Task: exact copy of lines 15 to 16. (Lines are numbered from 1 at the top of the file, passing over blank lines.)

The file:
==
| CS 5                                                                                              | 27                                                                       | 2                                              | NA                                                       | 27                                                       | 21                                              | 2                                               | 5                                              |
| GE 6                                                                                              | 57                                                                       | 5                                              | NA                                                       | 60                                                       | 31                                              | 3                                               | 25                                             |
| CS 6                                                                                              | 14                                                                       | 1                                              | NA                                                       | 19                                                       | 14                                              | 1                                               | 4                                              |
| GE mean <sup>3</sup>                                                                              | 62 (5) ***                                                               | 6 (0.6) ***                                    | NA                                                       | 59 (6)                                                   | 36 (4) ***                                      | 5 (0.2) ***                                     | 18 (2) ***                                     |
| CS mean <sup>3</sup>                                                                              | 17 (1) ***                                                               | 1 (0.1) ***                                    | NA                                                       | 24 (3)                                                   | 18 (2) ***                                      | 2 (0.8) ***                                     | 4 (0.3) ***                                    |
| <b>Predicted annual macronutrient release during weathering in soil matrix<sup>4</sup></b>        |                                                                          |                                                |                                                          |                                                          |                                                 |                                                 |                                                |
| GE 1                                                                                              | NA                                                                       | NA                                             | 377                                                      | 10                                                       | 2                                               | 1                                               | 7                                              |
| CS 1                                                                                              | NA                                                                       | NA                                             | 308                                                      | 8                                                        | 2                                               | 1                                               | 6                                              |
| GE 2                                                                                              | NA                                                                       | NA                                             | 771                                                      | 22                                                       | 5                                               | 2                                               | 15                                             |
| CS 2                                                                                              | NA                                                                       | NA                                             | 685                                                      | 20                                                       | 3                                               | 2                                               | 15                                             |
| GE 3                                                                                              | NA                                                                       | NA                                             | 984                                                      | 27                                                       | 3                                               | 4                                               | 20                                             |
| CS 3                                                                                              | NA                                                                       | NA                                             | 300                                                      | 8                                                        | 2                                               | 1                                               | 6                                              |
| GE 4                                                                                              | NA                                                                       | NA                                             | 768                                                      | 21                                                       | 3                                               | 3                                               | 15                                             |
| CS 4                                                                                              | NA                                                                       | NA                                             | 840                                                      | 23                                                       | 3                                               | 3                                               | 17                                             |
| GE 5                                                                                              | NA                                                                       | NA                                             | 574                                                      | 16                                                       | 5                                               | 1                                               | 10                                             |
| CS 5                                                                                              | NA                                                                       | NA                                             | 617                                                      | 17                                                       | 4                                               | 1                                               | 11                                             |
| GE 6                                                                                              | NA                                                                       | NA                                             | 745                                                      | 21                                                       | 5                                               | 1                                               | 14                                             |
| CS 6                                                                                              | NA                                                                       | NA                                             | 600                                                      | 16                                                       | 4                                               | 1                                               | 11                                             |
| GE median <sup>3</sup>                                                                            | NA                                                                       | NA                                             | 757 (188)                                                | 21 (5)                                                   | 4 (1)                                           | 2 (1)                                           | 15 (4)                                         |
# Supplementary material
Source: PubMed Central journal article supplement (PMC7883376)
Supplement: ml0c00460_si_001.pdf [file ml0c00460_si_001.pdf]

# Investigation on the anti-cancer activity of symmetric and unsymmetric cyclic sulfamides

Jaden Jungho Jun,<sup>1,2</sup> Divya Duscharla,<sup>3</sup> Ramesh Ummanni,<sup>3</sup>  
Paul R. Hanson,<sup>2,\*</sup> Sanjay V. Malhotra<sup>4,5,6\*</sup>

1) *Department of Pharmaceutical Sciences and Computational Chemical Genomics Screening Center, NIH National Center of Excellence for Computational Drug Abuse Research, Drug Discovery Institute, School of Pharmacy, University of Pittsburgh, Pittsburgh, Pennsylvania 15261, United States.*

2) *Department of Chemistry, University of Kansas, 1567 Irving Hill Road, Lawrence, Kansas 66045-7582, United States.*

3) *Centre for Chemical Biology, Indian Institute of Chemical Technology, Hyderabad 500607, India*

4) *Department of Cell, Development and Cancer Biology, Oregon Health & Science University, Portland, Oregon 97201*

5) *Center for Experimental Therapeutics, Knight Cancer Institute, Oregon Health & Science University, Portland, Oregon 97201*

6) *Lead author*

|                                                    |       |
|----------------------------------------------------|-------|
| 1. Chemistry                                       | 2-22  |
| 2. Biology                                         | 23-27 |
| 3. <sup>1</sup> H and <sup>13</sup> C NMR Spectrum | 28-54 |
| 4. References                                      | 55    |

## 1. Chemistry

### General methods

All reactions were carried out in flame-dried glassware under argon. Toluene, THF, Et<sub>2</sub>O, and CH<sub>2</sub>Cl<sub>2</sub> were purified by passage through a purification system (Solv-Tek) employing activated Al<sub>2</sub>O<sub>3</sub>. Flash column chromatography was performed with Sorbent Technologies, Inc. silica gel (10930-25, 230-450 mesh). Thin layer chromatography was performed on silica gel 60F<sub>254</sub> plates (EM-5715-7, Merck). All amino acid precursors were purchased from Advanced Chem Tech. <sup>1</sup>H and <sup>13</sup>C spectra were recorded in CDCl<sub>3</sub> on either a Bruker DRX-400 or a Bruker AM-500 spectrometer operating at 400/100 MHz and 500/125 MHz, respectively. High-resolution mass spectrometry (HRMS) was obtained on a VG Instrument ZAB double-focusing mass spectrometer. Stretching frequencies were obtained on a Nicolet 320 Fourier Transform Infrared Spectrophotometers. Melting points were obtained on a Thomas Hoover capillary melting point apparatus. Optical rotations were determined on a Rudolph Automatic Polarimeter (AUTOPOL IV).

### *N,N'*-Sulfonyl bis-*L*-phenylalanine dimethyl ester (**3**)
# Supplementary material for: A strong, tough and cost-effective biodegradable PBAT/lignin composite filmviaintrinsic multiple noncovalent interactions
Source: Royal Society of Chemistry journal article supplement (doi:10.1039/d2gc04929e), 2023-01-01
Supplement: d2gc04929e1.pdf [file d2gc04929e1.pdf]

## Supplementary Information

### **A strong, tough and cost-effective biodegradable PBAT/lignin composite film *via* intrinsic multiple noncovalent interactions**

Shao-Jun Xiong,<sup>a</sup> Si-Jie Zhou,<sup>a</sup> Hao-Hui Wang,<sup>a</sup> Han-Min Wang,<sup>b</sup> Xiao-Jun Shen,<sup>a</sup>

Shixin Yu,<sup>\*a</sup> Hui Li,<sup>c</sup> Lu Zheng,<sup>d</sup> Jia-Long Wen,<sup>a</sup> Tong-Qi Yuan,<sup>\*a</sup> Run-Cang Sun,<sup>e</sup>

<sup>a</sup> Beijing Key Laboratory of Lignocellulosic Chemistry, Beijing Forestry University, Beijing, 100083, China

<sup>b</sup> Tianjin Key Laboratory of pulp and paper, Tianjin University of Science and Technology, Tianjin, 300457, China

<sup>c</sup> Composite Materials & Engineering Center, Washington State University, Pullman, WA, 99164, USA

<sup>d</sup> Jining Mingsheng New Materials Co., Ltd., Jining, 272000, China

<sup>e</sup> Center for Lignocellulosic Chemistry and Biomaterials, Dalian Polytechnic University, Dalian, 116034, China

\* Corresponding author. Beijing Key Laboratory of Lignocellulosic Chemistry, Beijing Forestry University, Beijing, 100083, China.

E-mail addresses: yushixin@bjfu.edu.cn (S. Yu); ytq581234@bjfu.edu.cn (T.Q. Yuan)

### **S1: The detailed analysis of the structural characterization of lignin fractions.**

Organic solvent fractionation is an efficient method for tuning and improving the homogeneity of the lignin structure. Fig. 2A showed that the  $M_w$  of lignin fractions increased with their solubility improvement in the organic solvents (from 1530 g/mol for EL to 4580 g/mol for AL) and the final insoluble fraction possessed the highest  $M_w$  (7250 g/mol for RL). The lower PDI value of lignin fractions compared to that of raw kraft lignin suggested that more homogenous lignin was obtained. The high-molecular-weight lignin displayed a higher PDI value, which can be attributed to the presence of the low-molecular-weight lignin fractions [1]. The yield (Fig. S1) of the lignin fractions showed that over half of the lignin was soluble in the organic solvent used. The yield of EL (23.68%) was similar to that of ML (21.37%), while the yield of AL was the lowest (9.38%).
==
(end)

| GE 5                                                                                              | NA                                                                       | NA                                             | 574                                                      | 16                                                       | 5                                               | 1                                               | 10                                             |
| CS 5                                                                                              | NA                                                                       | NA                                             | 617                                                      | 17                                                       | 4                                               | 1                                               | 11                                             |